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I consider myself to be a relatively clean and shit-together person, but there are still plenty of times when I don't know what the h*ck I'm doing.
So when I saw a friend’s copy of Home Comforts: The Art and Science of Keeping House by Cheryl Mendelson, I was like HI YES SOLD...and since reading it, I’ve been talking about it to anyone who will listen.
It's basically an encyclopedia of housekeeping — and is incredibly well-researched and comprehensive — but is also a pretty fun* and fascinating read.
The softcover is a genuinely beautiful reference book, but it’s also 906 pages, so after it arrived, I immediately bought myself the Kindle version so I could read it on the subway.
I highlighted almost all of the book’s first chapter, wherein Mendelson (a lawyer!!!) makes a beautiful, thoughtful, highly-reasoned case for why you should care about keeping a home.
“The sense of being at home is important to everyone’s well-being. If you do not get enough of it, your happiness, resilience, energy, humor, and courage will decrease. It is a complex thing, an amalgam. In part, it is a sense of having special rights, dignities, and entitlements — and these are legal realities, not just emotional states. It includes familiarity, warmth, affection, and a conviction of security. Being at home feels safe; you have a sense of relief whenever you come home and close the door behind you, reduced fear of social and emotional dangers as well as physical ones.”
Like, YES, Cheryl!!!
If you already believe a home should be clean/tidy/cozy/happy but have never been able to articulate exactly why it’s so important to you, you will feel seen. And if you aren’t a terribly neat/tidy/clean person, you will feel gently dragged (like, just the right amount). In either case, you will feel inspired.
From there, Mendelson gets into every aspect of keeping house. The book reminded a lot of the 1950s Home Ec book I bought at an antique store a few years ago — and I mean that in a good way. I wish I'd had the option to take Home Ec in high school, and I think a lot of people my age do too.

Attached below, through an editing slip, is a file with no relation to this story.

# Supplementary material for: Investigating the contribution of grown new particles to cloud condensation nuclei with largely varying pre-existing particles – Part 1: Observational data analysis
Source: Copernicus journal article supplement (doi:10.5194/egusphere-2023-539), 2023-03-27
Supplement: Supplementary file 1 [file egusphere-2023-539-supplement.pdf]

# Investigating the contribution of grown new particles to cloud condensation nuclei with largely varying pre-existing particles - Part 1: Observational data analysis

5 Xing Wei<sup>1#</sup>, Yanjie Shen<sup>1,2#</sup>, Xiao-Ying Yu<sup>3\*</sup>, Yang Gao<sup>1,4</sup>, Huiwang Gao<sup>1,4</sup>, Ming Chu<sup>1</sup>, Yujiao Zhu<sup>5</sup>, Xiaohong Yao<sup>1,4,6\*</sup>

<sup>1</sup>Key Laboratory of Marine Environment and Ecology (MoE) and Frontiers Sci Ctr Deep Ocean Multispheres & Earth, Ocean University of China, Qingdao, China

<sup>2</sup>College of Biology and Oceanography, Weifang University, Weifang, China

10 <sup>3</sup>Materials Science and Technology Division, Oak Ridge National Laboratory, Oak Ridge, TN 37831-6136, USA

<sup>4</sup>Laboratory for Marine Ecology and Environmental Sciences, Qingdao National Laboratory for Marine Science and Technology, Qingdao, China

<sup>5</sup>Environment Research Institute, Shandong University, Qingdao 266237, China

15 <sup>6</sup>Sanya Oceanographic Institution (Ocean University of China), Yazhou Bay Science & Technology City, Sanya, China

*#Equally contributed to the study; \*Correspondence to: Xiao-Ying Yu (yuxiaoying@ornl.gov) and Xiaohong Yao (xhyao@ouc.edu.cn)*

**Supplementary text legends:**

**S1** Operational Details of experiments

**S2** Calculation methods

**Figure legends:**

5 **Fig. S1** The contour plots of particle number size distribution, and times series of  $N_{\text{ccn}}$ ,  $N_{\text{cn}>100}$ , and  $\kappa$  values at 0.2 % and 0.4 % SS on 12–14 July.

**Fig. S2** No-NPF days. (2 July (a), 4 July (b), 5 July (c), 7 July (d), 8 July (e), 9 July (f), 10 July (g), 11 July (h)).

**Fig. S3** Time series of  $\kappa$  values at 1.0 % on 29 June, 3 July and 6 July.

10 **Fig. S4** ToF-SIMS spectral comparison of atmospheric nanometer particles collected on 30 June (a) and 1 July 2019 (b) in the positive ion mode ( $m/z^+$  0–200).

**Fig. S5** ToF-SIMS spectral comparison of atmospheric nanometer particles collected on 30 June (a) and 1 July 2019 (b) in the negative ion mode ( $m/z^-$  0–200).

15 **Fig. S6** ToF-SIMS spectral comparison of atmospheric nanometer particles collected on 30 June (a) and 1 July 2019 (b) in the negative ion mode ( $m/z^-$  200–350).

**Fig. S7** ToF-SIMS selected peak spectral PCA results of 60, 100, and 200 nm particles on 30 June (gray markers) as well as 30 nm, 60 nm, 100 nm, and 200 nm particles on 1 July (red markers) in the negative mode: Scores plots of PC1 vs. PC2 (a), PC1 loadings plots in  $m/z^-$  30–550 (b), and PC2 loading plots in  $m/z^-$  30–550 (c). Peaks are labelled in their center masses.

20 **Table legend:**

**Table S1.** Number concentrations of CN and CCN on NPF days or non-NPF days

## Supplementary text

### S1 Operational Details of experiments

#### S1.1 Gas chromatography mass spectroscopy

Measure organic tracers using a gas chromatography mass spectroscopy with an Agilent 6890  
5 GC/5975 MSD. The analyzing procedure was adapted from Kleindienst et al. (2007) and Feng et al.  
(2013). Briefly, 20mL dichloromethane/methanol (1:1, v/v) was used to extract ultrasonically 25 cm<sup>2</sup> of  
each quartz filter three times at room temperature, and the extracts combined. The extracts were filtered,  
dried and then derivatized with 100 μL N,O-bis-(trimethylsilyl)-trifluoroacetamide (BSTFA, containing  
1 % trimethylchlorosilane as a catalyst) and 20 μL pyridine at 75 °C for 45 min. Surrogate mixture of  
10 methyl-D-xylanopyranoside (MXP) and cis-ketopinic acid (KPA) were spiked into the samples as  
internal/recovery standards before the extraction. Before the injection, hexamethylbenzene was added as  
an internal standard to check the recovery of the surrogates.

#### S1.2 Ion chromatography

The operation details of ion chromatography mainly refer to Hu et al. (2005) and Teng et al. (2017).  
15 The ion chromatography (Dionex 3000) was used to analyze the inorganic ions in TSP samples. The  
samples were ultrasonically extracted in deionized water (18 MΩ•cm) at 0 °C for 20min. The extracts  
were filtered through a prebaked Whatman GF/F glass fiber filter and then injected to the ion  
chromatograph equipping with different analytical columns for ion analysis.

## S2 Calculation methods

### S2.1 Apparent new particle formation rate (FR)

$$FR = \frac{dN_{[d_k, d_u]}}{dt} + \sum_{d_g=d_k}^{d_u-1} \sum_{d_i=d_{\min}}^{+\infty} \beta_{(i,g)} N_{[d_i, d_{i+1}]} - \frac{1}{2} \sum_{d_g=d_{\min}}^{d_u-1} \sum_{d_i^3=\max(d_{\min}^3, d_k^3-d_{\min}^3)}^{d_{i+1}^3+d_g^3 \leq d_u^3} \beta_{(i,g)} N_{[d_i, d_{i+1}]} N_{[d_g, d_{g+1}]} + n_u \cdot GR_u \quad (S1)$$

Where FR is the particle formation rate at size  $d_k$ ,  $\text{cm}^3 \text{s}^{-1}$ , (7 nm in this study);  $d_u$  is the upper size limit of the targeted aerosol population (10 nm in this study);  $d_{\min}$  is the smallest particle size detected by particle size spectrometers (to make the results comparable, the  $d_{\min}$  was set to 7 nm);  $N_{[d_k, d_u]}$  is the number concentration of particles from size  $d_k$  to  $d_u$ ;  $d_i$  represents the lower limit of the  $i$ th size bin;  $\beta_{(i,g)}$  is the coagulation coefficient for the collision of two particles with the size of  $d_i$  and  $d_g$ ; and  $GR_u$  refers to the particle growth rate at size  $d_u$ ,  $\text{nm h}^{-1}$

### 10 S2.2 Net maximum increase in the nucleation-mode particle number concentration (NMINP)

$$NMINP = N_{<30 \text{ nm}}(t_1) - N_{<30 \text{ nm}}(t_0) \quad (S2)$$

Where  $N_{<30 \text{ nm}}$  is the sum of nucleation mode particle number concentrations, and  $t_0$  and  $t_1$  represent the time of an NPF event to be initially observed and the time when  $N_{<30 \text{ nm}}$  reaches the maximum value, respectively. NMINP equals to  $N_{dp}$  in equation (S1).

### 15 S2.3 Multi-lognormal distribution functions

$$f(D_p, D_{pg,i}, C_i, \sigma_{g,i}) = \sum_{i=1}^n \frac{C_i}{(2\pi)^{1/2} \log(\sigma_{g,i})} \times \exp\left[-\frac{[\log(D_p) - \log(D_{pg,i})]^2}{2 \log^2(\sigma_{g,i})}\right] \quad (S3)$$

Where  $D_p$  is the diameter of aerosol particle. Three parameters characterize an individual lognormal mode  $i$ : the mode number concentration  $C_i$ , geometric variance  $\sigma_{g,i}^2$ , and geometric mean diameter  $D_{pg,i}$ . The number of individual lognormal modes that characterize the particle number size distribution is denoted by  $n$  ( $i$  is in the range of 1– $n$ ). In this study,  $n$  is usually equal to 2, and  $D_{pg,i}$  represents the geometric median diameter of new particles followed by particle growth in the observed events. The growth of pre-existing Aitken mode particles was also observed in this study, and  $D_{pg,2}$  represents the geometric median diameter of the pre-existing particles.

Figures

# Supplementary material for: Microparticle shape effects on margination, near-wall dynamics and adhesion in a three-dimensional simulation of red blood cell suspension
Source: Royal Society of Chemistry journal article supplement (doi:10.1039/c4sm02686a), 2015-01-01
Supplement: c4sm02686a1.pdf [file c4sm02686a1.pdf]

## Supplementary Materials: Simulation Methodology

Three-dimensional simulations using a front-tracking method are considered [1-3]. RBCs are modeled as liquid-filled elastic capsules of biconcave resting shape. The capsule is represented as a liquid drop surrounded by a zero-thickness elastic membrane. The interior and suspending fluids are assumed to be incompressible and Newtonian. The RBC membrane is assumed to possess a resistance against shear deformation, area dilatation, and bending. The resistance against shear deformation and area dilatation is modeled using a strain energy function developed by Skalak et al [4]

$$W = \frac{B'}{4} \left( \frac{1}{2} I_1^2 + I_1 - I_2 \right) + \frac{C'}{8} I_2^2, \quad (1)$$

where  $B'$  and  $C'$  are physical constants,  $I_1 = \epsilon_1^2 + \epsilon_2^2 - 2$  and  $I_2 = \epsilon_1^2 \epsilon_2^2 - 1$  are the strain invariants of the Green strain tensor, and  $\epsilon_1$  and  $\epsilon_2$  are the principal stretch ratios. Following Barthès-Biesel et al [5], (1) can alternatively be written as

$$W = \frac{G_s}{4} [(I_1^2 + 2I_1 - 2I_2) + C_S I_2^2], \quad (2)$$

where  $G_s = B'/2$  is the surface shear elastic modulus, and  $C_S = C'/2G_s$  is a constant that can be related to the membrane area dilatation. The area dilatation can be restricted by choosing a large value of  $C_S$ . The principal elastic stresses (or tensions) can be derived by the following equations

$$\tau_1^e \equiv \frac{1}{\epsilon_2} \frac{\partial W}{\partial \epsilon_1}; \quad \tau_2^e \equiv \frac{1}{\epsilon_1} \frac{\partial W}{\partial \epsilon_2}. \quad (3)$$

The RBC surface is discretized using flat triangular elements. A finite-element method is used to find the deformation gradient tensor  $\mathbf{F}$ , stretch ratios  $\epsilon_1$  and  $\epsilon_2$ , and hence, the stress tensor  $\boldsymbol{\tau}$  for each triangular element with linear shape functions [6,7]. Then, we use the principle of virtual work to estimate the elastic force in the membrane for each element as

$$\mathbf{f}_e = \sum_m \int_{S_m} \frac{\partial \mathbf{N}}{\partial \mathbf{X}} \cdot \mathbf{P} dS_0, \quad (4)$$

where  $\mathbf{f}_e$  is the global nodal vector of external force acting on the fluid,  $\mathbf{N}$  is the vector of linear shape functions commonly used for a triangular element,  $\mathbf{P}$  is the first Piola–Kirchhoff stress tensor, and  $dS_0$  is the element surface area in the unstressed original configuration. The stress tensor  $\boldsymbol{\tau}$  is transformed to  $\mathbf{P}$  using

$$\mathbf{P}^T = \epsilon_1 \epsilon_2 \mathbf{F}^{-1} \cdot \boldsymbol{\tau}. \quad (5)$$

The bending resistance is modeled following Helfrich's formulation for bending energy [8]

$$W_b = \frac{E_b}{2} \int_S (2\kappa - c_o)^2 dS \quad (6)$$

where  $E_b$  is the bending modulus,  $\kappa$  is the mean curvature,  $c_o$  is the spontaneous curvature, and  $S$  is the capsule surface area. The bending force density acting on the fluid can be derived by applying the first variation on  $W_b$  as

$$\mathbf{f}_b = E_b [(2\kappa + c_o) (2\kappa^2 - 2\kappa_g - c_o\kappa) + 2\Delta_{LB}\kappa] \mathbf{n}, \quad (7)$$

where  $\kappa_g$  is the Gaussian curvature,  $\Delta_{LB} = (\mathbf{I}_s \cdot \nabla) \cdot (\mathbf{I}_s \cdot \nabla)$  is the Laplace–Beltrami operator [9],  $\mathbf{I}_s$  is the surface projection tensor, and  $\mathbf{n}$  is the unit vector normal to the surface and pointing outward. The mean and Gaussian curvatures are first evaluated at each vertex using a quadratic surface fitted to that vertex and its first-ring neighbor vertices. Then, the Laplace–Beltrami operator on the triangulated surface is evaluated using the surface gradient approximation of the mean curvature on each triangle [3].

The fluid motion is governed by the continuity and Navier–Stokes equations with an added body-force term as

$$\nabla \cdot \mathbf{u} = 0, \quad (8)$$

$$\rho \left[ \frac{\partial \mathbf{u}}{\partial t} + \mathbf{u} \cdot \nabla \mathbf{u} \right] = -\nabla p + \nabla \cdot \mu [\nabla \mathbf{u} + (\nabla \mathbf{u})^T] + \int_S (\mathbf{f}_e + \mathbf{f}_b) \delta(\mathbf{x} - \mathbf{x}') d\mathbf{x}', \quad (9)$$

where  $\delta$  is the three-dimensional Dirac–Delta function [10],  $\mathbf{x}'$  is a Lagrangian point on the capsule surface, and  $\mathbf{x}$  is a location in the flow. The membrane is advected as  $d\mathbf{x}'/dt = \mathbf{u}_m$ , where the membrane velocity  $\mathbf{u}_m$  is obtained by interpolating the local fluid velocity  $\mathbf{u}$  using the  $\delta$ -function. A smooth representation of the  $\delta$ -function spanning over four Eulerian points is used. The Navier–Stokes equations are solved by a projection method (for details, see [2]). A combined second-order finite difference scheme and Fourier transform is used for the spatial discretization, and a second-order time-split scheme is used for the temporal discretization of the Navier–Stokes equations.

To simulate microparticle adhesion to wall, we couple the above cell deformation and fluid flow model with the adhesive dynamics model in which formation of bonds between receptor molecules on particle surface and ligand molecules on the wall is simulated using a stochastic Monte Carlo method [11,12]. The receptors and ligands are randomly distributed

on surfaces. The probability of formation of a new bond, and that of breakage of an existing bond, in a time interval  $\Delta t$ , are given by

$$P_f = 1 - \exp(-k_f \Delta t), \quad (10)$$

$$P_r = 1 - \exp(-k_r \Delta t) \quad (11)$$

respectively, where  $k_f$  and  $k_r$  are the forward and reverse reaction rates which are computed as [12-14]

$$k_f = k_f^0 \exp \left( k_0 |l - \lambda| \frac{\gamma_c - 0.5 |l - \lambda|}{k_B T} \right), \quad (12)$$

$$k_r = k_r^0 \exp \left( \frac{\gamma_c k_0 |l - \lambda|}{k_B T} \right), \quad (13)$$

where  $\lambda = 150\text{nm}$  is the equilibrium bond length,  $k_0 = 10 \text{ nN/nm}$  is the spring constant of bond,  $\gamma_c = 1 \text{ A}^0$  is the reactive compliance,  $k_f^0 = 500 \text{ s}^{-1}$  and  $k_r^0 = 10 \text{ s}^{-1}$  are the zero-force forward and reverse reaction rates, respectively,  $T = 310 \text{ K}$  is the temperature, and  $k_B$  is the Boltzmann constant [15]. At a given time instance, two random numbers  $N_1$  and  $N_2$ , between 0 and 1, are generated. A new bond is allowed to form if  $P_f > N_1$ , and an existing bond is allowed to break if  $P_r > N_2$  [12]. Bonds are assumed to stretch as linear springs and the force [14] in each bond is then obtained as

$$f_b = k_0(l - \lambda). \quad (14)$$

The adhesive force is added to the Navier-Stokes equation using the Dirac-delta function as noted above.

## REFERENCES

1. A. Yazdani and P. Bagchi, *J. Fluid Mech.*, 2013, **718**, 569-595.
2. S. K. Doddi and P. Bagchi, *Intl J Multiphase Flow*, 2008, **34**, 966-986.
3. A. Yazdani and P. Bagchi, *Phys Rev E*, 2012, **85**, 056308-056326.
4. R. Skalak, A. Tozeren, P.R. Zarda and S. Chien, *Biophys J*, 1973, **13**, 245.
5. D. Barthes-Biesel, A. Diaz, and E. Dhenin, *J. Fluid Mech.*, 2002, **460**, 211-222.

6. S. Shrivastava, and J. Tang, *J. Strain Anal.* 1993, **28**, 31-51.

I skimmed several sections because they didn’t apply to me and/or were a little dry, but I love knowing that if I ever have a question about domestic employment laws, or want to know literally every single different type of carpet, Cheryl’s got my back.
Mendelson's tone is that of a slightly-uptight-but-you-love-her-anyway big sister.
She speaks with authority, but stresses repeatedly that her declarations are all suggestions.
Here are a few lines that I especially enjoyed:
• “I told him [her boyfriend] straight-out that the three-hole punch, a complete run of PC Magazine, and several collections of literary reviews did not belong in the kitchen cabinets over the sink and that I could not live with this. He shrugged, and so I married him.”
• On the topic of home-cooked meals: “But it is in everyone’s interest to do away entirely with feeling ashamed of how or what one cooks. If you cannot avoid having only sandwiches one day, the rational response is to feel slightly sorry for yourself, not to blame yourself.”
• “You will often read and hear half-jesting advice to the effect that you should spend your housecleaning time on only those areas of your home that people are going to see when they come visit. This is bad advice and a bad joke.”
• “If a lifestyle has been imposed on you that leaves you without enough time to eat real meals, I think you have a right to resent it.”
• "While dirt should continue to arouse your fighting spirit, it is perfectly all right to surrender to insignificant stains."
• On the topic of refrigerators: "In fact, to compare someone or something to the homely refrigerator is a common form of humorous derogation. ... Despite how important refrigerators are to us, practically and emotionally, most people probably underuse or misuse these splendid machines."
• “To keep things in perspective, it may help to consider the recipe for roast beef in one of my great-grandmother’s cookbooks, which called for, among other things, a cow.”
• “(See chapter 47: ‘Kindly Light.’)”